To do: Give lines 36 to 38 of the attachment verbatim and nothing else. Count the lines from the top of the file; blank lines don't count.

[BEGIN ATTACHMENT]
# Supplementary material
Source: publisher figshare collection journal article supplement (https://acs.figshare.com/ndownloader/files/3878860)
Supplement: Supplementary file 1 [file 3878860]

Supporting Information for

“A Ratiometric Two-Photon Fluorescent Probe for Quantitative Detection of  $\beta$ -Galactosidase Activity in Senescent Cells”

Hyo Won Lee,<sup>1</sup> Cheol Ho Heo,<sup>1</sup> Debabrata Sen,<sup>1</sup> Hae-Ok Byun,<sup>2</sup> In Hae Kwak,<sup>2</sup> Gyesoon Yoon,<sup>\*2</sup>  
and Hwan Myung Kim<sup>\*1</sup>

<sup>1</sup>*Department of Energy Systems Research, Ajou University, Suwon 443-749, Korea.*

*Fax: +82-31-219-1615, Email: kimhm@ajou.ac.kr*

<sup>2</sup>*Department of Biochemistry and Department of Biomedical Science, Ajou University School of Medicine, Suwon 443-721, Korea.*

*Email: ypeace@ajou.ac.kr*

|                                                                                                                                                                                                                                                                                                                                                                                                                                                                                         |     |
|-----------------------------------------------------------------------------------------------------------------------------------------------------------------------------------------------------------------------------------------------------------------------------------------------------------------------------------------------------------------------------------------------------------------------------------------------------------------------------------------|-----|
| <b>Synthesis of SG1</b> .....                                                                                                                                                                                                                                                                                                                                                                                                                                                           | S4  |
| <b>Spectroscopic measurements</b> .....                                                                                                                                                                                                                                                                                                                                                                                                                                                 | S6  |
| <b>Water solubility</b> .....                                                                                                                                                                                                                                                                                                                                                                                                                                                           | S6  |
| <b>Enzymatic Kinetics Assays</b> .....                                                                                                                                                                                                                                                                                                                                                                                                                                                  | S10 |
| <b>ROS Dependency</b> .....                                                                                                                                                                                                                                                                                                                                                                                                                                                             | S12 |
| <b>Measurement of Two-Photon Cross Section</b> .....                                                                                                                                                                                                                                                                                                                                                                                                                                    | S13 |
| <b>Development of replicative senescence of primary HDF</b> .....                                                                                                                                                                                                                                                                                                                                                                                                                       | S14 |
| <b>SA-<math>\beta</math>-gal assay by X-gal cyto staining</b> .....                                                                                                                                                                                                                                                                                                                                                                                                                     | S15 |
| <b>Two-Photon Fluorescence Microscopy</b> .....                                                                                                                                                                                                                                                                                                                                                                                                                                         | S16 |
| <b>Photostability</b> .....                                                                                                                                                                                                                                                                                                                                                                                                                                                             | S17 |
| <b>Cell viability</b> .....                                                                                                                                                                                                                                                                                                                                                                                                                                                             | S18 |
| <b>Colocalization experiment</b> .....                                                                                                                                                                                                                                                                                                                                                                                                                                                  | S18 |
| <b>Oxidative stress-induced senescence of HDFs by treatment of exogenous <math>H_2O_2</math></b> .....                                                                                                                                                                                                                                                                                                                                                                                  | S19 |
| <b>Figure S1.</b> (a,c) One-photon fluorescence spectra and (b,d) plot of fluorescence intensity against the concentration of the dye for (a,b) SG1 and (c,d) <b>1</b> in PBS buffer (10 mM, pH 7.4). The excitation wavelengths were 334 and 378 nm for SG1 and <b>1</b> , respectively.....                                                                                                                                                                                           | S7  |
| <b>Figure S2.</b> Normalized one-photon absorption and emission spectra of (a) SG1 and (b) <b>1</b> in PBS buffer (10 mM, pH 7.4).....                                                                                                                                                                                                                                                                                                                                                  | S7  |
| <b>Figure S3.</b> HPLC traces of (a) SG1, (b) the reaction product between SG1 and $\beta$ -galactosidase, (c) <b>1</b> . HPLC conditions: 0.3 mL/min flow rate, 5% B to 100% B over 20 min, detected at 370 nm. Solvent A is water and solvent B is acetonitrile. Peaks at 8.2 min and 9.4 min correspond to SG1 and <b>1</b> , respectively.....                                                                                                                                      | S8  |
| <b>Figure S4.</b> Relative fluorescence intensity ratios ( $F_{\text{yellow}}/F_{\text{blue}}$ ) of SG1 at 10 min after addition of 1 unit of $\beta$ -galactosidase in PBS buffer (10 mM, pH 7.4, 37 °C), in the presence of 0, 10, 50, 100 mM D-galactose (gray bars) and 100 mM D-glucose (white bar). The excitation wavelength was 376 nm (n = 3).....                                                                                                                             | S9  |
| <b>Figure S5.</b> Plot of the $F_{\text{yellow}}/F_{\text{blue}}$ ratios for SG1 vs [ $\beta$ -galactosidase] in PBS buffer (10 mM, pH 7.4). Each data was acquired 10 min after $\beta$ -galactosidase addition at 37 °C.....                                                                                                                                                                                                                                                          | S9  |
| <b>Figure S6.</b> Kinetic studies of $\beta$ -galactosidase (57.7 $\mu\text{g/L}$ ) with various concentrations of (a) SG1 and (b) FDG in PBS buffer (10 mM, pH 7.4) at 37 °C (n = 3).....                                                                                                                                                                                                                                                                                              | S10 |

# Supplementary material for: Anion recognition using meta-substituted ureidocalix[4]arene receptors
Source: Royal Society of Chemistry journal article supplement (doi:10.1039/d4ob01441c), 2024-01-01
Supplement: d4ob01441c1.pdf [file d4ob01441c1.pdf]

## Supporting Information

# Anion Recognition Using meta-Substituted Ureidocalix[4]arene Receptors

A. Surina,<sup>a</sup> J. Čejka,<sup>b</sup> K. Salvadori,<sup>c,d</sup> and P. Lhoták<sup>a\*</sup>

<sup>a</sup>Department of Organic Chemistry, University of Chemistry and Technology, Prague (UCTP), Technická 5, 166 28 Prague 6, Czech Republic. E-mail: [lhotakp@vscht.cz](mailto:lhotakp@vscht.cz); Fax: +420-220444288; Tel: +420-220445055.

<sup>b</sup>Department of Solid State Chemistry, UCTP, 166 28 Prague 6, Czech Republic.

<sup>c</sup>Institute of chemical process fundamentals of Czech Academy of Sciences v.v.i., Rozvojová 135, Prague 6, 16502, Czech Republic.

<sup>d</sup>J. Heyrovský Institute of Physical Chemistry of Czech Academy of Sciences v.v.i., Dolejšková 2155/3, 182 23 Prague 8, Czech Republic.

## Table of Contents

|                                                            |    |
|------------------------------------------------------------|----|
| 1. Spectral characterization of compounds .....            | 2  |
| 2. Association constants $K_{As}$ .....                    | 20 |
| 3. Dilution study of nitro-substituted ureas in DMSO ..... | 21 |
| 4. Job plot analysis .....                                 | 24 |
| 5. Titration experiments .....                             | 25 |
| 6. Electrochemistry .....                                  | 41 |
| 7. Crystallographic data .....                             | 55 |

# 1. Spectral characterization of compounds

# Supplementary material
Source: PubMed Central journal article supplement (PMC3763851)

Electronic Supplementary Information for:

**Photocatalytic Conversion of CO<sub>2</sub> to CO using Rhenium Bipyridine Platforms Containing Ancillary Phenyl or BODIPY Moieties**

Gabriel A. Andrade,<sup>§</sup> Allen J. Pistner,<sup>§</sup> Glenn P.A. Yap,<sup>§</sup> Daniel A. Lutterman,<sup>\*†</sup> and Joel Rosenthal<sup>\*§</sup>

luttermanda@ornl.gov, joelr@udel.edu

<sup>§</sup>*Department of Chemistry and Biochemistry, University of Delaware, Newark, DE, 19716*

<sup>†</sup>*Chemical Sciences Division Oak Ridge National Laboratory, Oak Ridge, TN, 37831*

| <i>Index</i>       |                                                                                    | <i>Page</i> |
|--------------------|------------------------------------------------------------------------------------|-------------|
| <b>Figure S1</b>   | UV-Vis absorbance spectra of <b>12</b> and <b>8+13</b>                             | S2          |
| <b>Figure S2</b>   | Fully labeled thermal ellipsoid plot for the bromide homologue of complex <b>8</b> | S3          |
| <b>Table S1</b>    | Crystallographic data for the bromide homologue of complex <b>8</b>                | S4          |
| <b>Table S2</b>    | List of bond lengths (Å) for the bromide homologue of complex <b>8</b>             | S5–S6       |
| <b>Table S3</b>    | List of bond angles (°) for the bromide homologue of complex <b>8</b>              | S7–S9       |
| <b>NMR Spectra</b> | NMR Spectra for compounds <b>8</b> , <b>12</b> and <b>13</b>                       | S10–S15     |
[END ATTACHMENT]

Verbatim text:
## Supporting Information

# Anion Recognition Using meta-Substituted Ureidocalix[4]arene Receptors

A. Surina,<sup>a</sup> J. Čejka,<sup>b</sup> K. Salvadori,<sup>c,d</sup> and P. Lhoták<sup>a\*</sup>